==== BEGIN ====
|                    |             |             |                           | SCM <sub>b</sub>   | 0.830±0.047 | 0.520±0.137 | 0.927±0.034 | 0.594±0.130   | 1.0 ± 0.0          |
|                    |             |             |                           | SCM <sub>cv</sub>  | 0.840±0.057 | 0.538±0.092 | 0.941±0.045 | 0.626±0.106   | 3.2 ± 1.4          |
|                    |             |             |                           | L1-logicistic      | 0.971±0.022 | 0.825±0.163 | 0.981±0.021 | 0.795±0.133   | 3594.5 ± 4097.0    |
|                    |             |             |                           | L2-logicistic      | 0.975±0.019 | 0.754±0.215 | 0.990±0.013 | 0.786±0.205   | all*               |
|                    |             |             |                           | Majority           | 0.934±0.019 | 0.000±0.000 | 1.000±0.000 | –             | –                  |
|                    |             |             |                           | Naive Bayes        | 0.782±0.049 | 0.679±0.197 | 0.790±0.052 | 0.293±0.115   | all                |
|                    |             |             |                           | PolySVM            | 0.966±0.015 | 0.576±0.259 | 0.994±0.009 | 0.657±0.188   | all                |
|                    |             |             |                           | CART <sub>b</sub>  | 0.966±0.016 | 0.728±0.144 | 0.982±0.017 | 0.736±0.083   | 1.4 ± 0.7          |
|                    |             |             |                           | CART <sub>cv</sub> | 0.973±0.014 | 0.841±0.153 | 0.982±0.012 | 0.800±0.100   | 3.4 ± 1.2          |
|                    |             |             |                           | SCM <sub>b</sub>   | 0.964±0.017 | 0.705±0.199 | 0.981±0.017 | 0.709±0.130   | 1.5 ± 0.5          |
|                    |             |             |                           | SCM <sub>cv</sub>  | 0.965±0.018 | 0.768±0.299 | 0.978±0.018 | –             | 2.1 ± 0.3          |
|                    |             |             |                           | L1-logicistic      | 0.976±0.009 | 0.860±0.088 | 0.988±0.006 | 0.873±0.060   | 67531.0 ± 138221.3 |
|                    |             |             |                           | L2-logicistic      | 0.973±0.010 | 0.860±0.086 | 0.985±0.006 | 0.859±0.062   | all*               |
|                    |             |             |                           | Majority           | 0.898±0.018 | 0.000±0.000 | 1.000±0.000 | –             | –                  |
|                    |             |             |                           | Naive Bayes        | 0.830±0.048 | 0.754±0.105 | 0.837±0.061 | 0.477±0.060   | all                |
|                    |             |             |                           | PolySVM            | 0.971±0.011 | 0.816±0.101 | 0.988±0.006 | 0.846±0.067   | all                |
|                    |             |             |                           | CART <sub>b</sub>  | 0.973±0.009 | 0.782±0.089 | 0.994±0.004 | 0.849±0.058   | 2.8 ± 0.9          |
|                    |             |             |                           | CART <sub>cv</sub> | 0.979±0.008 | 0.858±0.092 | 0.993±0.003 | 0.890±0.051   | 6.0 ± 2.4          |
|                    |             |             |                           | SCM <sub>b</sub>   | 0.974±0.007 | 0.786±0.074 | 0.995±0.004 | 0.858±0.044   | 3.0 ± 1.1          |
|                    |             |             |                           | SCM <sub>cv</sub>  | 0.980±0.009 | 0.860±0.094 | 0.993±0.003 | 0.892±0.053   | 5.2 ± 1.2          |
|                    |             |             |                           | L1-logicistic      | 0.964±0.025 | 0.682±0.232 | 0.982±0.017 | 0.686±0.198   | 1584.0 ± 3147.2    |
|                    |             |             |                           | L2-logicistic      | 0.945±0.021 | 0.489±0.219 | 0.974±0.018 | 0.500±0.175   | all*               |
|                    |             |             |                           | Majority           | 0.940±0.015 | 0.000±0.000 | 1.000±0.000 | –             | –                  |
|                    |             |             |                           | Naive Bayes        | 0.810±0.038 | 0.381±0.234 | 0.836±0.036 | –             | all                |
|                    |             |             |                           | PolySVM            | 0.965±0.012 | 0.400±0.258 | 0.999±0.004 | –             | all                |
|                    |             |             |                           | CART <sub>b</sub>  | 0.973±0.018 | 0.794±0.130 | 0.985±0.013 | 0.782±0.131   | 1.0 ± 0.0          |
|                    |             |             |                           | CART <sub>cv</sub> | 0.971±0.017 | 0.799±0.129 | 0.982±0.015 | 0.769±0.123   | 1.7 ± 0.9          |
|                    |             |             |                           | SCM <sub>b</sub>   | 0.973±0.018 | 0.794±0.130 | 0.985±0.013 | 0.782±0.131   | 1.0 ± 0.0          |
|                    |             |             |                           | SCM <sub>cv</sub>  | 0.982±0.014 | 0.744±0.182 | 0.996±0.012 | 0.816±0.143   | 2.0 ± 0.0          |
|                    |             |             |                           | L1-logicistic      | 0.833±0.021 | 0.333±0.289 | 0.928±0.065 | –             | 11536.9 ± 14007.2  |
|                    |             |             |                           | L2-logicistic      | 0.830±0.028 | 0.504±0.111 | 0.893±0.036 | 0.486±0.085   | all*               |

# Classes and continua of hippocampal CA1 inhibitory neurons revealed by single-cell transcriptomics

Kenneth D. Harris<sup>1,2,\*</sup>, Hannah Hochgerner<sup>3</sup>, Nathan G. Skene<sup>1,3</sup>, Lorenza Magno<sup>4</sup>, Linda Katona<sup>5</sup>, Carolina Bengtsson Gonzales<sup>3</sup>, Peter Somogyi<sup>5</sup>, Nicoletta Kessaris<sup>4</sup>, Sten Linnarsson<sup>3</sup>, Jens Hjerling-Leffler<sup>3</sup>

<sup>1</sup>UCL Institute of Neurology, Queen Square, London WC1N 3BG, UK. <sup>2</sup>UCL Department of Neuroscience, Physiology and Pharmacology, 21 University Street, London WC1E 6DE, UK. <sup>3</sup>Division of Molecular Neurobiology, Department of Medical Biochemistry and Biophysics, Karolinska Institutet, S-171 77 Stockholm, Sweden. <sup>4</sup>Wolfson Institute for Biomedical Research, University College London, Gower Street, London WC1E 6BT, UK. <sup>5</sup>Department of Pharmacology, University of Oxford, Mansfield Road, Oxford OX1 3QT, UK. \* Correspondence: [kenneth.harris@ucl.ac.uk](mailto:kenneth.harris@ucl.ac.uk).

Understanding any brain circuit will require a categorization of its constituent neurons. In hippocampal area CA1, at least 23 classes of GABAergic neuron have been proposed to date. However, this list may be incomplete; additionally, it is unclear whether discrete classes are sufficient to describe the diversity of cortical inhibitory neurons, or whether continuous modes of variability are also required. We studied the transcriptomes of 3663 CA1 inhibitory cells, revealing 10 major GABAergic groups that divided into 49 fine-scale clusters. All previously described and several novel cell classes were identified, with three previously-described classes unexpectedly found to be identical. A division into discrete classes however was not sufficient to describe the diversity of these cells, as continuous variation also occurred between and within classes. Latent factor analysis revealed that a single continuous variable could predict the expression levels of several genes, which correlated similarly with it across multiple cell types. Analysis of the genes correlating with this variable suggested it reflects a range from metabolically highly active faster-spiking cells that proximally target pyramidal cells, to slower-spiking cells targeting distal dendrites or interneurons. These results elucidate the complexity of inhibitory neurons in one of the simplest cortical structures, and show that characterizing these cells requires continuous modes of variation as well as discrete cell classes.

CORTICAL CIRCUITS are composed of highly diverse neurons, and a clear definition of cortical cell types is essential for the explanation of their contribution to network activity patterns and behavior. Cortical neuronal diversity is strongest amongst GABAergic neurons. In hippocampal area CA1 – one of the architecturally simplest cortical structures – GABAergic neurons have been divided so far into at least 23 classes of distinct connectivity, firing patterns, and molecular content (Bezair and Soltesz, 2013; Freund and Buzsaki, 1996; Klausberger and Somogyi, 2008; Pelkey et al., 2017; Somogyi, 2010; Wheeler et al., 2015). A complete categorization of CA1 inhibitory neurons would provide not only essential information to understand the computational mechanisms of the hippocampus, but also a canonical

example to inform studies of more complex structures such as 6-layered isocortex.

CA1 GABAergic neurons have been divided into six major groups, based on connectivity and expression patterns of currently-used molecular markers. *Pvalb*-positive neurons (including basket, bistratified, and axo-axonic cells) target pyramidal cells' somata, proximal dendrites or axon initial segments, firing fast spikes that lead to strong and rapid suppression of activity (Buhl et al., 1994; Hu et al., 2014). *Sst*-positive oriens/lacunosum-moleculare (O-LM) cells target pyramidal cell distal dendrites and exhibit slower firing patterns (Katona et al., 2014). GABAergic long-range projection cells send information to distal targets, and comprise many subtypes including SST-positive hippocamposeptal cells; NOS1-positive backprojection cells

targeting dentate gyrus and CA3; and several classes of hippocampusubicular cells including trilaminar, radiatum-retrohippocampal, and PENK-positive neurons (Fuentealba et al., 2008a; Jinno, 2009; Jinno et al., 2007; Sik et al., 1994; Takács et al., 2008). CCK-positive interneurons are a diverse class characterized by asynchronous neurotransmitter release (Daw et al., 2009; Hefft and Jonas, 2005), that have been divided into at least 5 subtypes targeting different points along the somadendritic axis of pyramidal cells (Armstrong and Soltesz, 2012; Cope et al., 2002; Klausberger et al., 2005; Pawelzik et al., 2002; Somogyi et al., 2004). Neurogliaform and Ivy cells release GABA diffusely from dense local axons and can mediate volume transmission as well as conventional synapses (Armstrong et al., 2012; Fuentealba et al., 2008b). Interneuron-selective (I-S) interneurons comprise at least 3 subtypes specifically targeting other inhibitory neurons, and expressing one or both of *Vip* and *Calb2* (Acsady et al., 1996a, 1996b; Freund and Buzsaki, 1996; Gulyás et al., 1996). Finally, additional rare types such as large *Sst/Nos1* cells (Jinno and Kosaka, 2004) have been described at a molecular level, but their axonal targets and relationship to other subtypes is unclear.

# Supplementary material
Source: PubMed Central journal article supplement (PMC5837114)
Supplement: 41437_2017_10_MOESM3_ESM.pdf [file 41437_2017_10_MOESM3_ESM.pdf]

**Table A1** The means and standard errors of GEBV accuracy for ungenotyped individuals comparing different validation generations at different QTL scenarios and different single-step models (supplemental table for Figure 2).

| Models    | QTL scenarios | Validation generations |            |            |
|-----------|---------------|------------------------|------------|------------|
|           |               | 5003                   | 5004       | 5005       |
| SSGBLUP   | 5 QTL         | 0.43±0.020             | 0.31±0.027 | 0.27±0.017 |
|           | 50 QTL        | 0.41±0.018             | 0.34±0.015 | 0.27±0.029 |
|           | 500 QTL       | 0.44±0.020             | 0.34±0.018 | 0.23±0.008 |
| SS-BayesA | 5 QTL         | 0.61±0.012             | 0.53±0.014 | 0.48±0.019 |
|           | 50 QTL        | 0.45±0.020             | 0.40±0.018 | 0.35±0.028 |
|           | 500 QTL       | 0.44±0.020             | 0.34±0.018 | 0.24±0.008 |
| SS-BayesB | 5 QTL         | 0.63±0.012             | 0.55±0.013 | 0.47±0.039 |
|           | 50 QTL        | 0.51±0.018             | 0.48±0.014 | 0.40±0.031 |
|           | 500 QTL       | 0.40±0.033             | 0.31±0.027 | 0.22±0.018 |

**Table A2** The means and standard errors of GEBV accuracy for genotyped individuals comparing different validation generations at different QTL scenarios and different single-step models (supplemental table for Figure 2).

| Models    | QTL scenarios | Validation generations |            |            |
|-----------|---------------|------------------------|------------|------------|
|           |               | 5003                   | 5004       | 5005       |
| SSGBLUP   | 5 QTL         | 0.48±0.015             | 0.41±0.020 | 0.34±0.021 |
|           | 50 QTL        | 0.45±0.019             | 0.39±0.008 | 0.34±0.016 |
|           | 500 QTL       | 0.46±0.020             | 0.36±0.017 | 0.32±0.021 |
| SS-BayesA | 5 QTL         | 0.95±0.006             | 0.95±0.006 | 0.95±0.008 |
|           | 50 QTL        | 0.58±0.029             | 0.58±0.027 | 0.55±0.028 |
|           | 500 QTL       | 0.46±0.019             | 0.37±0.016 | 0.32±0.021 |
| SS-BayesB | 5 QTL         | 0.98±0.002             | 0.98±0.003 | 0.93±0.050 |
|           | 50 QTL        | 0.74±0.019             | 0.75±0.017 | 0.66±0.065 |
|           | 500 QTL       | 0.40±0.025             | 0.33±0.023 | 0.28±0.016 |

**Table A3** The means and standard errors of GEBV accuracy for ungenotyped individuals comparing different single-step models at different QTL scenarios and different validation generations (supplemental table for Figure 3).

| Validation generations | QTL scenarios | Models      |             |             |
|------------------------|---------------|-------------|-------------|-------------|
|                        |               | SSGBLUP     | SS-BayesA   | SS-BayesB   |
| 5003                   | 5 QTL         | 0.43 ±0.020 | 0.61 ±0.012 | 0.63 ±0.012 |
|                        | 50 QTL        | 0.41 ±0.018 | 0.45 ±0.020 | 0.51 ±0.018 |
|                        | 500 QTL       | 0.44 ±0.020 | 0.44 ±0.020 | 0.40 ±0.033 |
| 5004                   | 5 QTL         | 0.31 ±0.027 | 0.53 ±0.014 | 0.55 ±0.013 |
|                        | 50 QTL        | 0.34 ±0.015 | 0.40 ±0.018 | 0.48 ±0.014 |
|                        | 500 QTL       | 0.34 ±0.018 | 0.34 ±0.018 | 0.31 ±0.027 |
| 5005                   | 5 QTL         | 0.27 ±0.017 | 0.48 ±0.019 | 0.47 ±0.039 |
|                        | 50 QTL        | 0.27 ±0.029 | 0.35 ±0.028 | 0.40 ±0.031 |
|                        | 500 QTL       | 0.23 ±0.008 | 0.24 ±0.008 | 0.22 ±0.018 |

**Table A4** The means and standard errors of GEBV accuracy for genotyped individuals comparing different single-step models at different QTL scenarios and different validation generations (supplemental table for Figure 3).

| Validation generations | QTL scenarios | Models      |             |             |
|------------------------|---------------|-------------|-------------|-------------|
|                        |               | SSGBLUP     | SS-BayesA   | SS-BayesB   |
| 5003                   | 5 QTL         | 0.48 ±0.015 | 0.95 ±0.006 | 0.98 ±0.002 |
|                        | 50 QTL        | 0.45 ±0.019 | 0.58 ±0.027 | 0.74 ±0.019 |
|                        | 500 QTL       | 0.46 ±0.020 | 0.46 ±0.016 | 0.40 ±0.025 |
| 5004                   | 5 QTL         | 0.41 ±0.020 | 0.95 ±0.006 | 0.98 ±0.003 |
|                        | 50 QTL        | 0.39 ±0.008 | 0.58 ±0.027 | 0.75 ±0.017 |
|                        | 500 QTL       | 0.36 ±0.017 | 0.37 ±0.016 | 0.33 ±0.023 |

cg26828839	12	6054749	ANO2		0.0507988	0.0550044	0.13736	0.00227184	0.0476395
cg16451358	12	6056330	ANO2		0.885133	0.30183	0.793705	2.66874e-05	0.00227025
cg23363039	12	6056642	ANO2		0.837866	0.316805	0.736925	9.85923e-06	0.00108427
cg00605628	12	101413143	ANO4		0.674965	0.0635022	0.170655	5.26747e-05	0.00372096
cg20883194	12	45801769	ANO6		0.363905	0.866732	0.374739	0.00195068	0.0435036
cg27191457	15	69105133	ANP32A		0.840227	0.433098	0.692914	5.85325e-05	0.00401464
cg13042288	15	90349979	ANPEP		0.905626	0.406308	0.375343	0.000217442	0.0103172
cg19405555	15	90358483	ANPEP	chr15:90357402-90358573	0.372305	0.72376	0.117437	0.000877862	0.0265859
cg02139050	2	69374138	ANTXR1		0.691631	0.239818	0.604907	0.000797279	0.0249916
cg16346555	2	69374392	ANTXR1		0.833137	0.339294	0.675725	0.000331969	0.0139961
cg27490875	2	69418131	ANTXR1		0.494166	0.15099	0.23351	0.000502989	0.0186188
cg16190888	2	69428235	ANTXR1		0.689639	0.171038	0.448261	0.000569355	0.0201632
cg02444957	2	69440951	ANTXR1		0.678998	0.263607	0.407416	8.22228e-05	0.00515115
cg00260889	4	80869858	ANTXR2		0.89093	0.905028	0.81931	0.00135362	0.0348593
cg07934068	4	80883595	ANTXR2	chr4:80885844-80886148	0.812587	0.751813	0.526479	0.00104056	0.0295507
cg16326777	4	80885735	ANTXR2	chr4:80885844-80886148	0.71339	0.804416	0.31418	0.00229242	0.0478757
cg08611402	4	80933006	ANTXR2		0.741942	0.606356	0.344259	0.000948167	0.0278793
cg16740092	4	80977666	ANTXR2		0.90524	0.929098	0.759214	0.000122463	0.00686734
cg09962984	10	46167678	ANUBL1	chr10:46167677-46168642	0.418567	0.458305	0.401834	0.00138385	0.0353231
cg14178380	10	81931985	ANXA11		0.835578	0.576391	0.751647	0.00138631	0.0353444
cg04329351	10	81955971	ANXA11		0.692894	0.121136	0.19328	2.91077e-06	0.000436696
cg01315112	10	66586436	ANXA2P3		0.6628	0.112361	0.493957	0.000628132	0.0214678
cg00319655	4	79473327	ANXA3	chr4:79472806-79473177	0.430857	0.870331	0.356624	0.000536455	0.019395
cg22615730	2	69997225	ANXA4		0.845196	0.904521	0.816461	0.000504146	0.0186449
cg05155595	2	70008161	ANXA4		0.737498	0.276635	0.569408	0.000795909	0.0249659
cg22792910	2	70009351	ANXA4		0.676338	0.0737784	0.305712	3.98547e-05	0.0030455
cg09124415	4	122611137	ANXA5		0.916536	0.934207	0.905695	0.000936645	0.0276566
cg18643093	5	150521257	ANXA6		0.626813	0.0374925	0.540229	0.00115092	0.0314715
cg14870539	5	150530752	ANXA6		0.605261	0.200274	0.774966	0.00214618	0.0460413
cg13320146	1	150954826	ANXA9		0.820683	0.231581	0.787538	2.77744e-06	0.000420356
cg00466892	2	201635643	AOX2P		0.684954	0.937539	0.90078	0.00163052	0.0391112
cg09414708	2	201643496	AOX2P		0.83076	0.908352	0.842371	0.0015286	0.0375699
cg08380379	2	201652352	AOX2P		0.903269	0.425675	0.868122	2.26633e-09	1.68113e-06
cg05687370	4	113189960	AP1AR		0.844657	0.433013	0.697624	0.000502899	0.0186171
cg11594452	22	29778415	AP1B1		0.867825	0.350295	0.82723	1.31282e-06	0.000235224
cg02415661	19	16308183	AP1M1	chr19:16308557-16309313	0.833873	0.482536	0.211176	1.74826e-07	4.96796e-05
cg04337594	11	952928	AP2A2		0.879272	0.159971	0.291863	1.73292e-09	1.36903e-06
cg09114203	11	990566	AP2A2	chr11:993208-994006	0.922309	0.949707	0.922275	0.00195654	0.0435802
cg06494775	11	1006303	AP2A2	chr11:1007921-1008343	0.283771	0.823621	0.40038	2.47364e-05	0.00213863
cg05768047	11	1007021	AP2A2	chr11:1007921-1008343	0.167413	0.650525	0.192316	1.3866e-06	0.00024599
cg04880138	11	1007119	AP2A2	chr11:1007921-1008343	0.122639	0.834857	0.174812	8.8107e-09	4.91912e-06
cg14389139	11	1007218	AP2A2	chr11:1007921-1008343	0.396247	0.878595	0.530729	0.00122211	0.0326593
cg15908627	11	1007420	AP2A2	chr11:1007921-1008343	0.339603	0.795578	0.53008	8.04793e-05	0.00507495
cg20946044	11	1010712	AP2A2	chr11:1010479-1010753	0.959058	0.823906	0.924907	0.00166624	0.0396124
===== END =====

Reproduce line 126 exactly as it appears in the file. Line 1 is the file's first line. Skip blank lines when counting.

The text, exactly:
cg11594452	22	29778415	AP1B1		0.867825	0.350295	0.82723	1.31282e-06	0.000235224